3. Stop watching as much TV - Instead of watching TV, I might work on my story and I can't say I really miss TV that much.  
  4. Stop reading as much - So, if you know me, this really sucks. Reading de-stresses me and even though I have wanted to read at various times this month, I worked on my story instead. I have only read two books this month, which is quite telling. The only book that sort of hooked me in a bit was Voyager. Damn you, Gabaldon, with Jamie Fraser and your way with words. However, I think it's good to read when you are writing though, but not too much!
  5. Have fun - Seriously. I used to stress about my word count and it became a pain in the butt, sort of like going to the gym when you don't want to, but I have lightened up a bit. I like my story, so it's been a lot of damn fun.  

If you are participating in NaNoWriMo this month, how are you doing? What changes have you made in order to meet your goals? Any tips you want to share with me? 

Let's hope my next post about this is a celebratory one saying I "won" NaNoWriMo!  

Happy Friday,

Wednesday, November 12, 2014

Book Review: A Thousand Pieces of You by Claudia Gray

Pages: 368
Genre: YA Fantasy/Sci-fi
Pub. Date: November 4, 2014
Source: Publisher for review
My Rating: 4 out of 5 stars

Goodreads says, "Marguerite Caine’s physicist parents are known for their radical scientific achievements. Their most astonishing invention: the Firebird, which allows users to jump into parallel universes, some vastly altered from our own. But when Marguerite’s father is murdered, the killer—her parent’s handsome and enigmatic assistant Paul—escapes into another dimension before the law can touch him. Marguerite can’t let the man who destroyed her family go free, and she races after Paul through different universes, where their lives entangle in increasingly familiar ways. With each encounter she begins to question Paul’s guilt—and her own heart. Soon she discovers the truth behind her father’s death is more sinister than she ever could have imagined. A Thousand Pieces of You explores a reality where we witness the countless other lives we might lead in an amazingly intricate multiverse, and ask whether, amid infinite possibilities, one love can endure."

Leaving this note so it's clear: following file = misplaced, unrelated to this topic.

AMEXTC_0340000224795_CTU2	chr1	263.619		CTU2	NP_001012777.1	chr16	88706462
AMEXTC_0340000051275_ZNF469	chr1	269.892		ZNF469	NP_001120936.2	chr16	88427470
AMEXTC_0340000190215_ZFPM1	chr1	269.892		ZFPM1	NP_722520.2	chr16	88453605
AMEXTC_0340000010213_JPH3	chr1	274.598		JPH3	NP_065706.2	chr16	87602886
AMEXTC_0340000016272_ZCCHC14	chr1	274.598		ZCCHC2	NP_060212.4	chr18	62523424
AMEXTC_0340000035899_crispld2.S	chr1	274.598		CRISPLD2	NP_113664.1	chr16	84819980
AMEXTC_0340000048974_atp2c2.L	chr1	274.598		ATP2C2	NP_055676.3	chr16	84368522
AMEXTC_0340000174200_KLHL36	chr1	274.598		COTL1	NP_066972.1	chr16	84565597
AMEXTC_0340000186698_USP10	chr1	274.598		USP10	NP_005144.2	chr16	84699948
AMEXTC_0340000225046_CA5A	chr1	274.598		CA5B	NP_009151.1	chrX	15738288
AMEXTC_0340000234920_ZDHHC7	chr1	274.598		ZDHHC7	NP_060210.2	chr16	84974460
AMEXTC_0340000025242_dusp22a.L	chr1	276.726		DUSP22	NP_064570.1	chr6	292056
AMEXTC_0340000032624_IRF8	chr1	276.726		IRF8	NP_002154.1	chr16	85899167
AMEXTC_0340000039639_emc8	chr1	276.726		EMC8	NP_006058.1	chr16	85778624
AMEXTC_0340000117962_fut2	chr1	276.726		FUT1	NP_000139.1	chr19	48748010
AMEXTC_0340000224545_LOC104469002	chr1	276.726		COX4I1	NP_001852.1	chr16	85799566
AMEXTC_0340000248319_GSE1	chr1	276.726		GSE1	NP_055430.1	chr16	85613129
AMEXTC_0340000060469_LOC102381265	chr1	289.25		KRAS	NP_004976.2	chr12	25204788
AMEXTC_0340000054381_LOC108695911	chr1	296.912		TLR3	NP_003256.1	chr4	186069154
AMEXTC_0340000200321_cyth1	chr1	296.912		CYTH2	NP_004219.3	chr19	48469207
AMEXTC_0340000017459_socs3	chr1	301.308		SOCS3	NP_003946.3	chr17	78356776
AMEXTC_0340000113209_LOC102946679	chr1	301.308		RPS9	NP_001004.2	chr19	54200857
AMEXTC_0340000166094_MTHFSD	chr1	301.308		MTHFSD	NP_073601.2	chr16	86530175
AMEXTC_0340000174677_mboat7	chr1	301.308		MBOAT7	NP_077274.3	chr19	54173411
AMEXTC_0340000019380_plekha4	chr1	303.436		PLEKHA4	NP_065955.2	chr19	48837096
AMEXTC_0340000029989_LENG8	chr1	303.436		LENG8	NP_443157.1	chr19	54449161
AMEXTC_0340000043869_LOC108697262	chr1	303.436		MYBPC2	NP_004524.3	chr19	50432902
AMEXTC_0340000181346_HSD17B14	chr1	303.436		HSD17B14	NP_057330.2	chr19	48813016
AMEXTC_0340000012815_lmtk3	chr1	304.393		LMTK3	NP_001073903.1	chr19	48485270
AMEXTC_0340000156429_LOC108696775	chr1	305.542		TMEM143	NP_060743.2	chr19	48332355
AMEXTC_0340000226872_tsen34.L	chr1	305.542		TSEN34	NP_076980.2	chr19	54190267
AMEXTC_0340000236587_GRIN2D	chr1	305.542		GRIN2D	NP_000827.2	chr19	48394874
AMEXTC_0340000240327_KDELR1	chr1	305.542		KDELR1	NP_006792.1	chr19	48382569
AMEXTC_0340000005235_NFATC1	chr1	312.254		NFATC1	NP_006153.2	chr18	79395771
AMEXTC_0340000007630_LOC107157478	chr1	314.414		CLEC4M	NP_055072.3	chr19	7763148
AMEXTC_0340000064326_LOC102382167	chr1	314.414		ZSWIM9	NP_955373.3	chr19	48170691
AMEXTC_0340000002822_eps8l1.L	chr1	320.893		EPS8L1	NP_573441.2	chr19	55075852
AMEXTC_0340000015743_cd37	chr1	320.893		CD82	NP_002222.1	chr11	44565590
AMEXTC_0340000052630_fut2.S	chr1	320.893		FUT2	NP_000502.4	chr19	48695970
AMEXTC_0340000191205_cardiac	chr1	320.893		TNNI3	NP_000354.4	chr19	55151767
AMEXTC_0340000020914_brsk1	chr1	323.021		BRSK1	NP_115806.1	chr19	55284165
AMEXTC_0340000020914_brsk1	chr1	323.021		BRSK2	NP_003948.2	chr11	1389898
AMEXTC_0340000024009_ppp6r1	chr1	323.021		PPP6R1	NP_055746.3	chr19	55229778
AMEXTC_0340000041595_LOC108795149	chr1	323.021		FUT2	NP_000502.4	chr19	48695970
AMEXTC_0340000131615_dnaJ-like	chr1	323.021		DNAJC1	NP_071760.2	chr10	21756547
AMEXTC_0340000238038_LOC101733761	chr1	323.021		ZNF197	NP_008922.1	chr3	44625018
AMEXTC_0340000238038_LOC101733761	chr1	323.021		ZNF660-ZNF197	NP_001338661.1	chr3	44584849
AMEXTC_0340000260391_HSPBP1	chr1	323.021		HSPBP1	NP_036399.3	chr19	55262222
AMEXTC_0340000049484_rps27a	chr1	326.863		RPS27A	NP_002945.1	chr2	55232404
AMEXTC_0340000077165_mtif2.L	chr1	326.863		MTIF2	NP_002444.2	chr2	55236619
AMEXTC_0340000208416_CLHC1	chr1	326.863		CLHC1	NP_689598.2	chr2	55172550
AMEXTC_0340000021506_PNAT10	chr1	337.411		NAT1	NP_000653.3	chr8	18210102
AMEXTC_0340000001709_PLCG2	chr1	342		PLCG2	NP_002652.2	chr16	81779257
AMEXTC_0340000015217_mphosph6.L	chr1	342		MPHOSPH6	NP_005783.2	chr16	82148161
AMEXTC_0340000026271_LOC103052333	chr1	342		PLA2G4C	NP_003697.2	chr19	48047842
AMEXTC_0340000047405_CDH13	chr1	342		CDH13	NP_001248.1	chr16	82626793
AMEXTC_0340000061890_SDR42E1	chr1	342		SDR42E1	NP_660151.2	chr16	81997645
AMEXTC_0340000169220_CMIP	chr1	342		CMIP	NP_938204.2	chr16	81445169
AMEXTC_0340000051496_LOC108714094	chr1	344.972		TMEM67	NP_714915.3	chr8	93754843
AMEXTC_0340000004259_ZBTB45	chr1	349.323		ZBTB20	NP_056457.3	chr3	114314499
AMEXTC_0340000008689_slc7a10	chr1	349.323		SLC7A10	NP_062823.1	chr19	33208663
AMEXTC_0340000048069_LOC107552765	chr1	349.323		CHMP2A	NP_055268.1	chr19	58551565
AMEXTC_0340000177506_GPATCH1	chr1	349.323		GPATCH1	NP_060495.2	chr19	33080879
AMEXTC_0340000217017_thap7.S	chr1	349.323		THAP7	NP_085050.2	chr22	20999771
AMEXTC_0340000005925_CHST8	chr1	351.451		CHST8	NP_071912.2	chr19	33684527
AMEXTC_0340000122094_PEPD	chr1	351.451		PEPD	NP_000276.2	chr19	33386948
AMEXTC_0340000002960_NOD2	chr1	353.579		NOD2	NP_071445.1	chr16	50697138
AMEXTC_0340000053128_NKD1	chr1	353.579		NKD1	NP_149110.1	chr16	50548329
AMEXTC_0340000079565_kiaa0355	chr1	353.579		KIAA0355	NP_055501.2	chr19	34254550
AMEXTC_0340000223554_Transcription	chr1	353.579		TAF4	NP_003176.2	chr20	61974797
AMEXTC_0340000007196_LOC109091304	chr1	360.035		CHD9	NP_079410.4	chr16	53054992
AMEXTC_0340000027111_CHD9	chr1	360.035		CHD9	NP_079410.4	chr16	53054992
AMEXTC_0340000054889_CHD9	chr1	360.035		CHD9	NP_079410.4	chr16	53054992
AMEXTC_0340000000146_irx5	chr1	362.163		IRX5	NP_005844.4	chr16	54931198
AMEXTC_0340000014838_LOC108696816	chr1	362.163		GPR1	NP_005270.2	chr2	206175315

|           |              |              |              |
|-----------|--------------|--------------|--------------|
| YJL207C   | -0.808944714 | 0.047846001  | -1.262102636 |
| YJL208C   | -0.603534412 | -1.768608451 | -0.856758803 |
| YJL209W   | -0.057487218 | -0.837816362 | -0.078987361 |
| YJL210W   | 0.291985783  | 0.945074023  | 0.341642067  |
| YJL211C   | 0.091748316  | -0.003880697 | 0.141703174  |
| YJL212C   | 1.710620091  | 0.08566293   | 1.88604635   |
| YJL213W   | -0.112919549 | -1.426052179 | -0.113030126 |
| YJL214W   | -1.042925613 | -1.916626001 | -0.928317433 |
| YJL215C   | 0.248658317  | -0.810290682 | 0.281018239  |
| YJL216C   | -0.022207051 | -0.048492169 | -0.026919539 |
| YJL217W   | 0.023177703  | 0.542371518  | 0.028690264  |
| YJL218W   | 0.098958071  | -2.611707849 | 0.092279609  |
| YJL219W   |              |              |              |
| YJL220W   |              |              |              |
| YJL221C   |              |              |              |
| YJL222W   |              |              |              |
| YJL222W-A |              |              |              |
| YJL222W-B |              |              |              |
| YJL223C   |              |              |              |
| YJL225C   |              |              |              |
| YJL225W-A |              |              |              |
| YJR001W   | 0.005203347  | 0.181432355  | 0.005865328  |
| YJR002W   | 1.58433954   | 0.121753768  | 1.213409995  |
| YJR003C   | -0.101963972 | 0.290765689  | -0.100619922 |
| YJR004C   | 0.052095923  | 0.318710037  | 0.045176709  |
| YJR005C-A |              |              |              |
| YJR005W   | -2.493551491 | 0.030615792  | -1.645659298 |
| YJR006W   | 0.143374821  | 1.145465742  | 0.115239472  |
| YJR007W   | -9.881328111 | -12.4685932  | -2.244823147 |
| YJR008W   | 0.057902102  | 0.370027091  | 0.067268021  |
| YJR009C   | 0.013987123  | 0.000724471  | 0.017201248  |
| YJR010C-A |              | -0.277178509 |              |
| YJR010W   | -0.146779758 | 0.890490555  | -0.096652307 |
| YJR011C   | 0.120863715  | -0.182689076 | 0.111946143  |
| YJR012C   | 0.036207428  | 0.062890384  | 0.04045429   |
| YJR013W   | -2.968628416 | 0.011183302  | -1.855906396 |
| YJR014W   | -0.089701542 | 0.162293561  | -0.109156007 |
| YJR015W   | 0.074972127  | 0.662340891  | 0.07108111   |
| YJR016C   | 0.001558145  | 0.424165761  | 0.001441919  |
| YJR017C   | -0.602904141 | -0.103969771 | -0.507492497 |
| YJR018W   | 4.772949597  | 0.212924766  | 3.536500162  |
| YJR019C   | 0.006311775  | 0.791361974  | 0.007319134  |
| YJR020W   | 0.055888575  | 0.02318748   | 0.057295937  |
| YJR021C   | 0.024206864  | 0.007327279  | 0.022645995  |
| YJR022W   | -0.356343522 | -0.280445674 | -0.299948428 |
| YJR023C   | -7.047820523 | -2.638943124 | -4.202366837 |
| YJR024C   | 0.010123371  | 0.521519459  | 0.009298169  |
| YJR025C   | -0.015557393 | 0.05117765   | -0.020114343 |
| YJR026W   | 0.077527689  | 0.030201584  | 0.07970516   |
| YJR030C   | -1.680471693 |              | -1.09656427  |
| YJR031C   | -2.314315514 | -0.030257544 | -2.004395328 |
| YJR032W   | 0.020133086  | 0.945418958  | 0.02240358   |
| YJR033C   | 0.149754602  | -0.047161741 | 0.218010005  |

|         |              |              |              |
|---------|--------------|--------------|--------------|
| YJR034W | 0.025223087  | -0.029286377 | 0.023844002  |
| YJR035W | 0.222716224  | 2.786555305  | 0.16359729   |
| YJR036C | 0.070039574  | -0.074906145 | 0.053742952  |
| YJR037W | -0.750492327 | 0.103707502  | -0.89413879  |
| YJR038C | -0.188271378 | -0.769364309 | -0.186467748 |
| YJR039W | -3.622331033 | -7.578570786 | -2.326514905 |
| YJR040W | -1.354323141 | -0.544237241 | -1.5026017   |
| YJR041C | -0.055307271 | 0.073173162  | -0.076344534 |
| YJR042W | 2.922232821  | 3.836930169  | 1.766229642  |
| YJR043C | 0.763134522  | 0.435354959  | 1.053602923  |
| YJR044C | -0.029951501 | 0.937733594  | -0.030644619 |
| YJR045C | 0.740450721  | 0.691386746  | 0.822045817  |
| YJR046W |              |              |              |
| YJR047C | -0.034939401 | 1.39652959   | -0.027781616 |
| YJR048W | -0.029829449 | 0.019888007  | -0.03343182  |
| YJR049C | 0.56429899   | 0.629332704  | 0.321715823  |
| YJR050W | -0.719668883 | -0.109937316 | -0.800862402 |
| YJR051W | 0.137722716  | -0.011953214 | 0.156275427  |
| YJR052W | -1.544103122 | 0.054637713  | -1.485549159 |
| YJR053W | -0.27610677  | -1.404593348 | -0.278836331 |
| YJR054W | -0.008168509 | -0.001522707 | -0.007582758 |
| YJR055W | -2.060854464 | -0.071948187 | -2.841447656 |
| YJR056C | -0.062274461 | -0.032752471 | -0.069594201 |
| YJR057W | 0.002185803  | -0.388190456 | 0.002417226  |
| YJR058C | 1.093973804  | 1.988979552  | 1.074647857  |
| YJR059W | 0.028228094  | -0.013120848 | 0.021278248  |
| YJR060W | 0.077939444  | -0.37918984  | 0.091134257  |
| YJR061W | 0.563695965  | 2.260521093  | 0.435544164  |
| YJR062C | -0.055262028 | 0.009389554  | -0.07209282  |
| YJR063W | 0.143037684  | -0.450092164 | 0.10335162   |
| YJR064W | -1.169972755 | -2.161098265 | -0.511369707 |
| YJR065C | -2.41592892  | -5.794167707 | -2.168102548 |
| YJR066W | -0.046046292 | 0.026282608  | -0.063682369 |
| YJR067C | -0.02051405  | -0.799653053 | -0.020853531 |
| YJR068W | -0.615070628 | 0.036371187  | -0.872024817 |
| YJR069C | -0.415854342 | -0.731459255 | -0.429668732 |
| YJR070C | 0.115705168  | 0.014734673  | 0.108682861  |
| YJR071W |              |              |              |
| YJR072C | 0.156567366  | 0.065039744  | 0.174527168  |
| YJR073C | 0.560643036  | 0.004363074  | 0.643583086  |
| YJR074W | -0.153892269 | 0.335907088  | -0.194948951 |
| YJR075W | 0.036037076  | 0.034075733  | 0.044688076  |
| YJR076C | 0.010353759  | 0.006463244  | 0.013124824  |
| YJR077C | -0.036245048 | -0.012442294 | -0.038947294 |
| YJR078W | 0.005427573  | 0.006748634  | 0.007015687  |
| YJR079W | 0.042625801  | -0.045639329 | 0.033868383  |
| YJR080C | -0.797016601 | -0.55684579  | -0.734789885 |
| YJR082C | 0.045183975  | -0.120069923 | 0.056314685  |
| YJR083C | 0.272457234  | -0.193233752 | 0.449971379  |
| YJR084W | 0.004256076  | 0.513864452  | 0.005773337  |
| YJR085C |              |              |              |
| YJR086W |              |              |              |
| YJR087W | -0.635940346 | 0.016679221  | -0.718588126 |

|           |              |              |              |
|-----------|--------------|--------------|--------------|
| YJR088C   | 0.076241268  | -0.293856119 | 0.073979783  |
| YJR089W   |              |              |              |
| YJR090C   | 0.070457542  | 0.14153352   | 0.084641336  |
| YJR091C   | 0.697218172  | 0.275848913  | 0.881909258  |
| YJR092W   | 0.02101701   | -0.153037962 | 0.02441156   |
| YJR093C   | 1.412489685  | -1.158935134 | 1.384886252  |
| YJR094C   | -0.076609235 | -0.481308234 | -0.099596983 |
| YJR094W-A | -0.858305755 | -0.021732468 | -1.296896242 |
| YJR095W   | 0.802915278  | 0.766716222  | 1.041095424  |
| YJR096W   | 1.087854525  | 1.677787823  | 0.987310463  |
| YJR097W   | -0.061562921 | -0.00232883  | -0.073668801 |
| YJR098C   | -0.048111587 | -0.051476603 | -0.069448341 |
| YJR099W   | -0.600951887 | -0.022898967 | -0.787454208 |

Marguerite Caine isn't your average teenager. She has been homeschool by her brilliant physicist parents and spends more time surrounded by graduate students than her own peers.  Her parents have invented the Firebird, a device that can allow people to travel into other dimensions. While in the other dimension, they can assume the role of themselves in that alternate universe. Unfortunately, her father was murdered, which obviously sends her family for a loop, especially when they find out the alleged murderer is none other than one of the graduate students, Paul, whom is practically family.  Paul escapes into another dimension and Margureite is determined to hunt him down, along with the help of another graduate student, Theo.  Traveling to other dimensions can be very dangerous though, but Margerite is determined.  Plus, while she is hunting down Paul with Theo she comes to learn about these two men in the other dimensions and things become a bit murky and unclear. Who really killed her father? Perhaps Paul isn't the murderer and things aren't what they seem? And to further complicate matters, Marguerite starts to have feelings for both men as she gets to know them more and more in the alternate worlds.  Claudia Gray's A Thousand Pieces of You is an imaginative story of other dimensions that kept me flipping the pages even though the romance part of the story left me feeling a little flat.